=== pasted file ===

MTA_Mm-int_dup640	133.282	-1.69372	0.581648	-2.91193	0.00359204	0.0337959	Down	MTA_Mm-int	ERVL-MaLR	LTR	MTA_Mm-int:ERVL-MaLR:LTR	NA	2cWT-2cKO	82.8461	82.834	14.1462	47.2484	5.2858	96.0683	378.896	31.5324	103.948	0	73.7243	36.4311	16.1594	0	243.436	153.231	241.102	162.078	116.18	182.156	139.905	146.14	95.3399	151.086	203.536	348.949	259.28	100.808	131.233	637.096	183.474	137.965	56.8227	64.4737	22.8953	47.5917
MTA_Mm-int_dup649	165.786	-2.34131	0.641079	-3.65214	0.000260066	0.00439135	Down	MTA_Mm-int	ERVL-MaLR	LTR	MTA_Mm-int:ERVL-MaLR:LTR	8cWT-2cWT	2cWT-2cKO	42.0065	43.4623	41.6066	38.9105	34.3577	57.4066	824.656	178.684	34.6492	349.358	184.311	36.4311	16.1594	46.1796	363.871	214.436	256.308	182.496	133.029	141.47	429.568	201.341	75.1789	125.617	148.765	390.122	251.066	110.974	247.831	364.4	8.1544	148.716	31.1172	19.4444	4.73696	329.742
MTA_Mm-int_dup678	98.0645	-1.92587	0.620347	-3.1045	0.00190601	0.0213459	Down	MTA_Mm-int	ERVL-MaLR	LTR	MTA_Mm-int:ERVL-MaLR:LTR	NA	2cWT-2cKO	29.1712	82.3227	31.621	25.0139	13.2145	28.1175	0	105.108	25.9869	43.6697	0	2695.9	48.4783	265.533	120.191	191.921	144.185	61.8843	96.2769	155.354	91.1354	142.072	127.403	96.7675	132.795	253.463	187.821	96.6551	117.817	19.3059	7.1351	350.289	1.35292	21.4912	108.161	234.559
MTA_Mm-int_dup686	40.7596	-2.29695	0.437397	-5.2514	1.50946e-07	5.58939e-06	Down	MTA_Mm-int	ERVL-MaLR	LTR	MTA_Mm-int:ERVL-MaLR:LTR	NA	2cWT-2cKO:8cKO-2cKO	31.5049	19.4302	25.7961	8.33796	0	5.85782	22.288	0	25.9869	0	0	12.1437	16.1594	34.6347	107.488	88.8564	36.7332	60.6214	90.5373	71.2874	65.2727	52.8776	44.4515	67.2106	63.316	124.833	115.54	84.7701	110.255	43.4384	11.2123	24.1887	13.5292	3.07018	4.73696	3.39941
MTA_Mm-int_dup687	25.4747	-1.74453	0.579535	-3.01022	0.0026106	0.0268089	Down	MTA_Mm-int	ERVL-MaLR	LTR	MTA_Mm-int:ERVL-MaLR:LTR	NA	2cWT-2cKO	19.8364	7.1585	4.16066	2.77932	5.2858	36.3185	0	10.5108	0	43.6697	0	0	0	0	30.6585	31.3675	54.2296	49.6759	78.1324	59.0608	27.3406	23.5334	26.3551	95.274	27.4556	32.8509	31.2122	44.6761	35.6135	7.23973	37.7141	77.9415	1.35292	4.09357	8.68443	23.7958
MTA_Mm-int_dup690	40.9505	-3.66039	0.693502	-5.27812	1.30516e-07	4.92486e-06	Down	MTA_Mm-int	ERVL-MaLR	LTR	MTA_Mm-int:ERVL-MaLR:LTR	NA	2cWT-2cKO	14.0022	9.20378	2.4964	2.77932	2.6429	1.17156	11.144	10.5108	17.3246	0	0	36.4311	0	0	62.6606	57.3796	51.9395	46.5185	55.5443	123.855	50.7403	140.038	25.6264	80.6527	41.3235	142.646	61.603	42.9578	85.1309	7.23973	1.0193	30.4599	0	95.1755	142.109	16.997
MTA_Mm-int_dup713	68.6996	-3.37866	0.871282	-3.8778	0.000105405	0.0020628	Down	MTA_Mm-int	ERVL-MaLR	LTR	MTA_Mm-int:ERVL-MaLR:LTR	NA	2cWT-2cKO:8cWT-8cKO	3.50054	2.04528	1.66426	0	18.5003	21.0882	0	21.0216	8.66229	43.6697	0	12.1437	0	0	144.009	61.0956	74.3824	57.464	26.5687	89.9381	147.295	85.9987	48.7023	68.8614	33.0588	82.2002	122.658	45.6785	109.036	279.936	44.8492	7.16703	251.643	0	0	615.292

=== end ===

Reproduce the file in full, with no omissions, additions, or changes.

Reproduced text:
MTA_Mm-int_dup640	133.282	-1.69372	0.581648	-2.91193	0.00359204	0.0337959	Down	MTA_Mm-int	ERVL-MaLR	LTR	MTA_Mm-int:ERVL-MaLR:LTR	NA	2cWT-2cKO	82.8461	82.834	14.1462	47.2484	5.2858	96.0683	378.896	31.5324	103.948	0	73.7243	36.4311	16.1594	0	243.436	153.231	241.102	162.078	116.18	182.156	139.905	146.14	95.3399	151.086	203.536	348.949	259.28	100.808	131.233	637.096	183.474	137.965	56.8227	64.4737	22.8953	47.5917
MTA_Mm-int_dup649	165.786	-2.34131	0.641079	-3.65214	0.000260066	0.00439135	Down	MTA_Mm-int	ERVL-MaLR	LTR	MTA_Mm-int:ERVL-MaLR:LTR	8cWT-2cWT	2cWT-2cKO	42.0065	43.4623	41.6066	38.9105	34.3577	57.4066	824.656	178.684	34.6492	349.358	184.311	36.4311	16.1594	46.1796	363.871	214.436	256.308	182.496	133.029	141.47	429.568	201.341	75.1789	125.617	148.765	390.122	251.066	110.974	247.831	364.4	8.1544	148.716	31.1172	19.4444	4.73696	329.742
MTA_Mm-int_dup678	98.0645	-1.92587	0.620347	-3.1045	0.00190601	0.0213459	Down	MTA_Mm-int	ERVL-MaLR	LTR	MTA_Mm-int:ERVL-MaLR:LTR	NA	2cWT-2cKO	29.1712	82.3227	31.621	25.0139	13.2145	28.1175	0	105.108	25.9869	43.6697	0	2695.9	48.4783	265.533	120.191	191.921	144.185	61.8843	96.2769	155.354	91.1354	142.072	127.403	96.7675	132.795	253.463	187.821	96.6551	117.817	19.3059	7.1351	350.289	1.35292	21.4912	108.161	234.559
MTA_Mm-int_dup686	40.7596	-2.29695	0.437397	-5.2514	1.50946e-07	5.58939e-06	Down	MTA_Mm-int	ERVL-MaLR	LTR	MTA_Mm-int:ERVL-MaLR:LTR	NA	2cWT-2cKO:8cKO-2cKO	31.5049	19.4302	25.7961	8.33796	0	5.85782	22.288	0	25.9869	0	0	12.1437	16.1594	34.6347	107.488	88.8564	36.7332	60.6214	90.5373	71.2874	65.2727	52.8776	44.4515	67.2106	63.316	124.833	115.54	84.7701	110.255	43.4384	11.2123	24.1887	13.5292	3.07018	4.73696	3.39941
MTA_Mm-int_dup687	25.4747	-1.74453	0.579535	-3.01022	0.0026106	0.0268089	Down	MTA_Mm-int	ERVL-MaLR	LTR	MTA_Mm-int:ERVL-MaLR:LTR	NA	2cWT-2cKO	19.8364	7.1585	4.16066	2.77932	5.2858	36.3185	0	10.5108	0	43.6697	0	0	0	0	30.6585	31.3675	54.2296	49.6759	78.1324	59.0608	27.3406	23.5334	26.3551	95.274	27.4556	32.8509	31.2122	44.6761	35.6135	7.23973	37.7141	77.9415	1.35292	4.09357	8.68443	23.7958
MTA_Mm-int_dup690	40.9505	-3.66039	0.693502	-5.27812	1.30516e-07	4.92486e-06	Down	MTA_Mm-int	ERVL-MaLR	LTR	MTA_Mm-int:ERVL-MaLR:LTR	NA	2cWT-2cKO	14.0022	9.20378	2.4964	2.77932	2.6429	1.17156	11.144	10.5108	17.3246	0	0	36.4311	0	0	62.6606	57.3796	51.9395	46.5185	55.5443	123.855	50.7403	140.038	25.6264	80.6527	41.3235	142.646	61.603	42.9578	85.1309	7.23973	1.0193	30.4599	0	95.1755	142.109	16.997
MTA_Mm-int_dup713	68.6996	-3.37866	0.871282	-3.8778	0.000105405	0.0020628	Down	MTA_Mm-int	ERVL-MaLR	LTR	MTA_Mm-int:ERVL-MaLR:LTR	NA	2cWT-2cKO:8cWT-8cKO	3.50054	2.04528	1.66426	0	18.5003	21.0882	0	21.0216	8.66229	43.6697	0	12.1437	0	0	144.009	61.0956	74.3824	57.464	26.5687	89.9381	147.295	85.9987	48.7023	68.8614	33.0588	82.2002	122.658	45.6785	109.036	279.936	44.8492	7.16703	251.643	0	0	615.292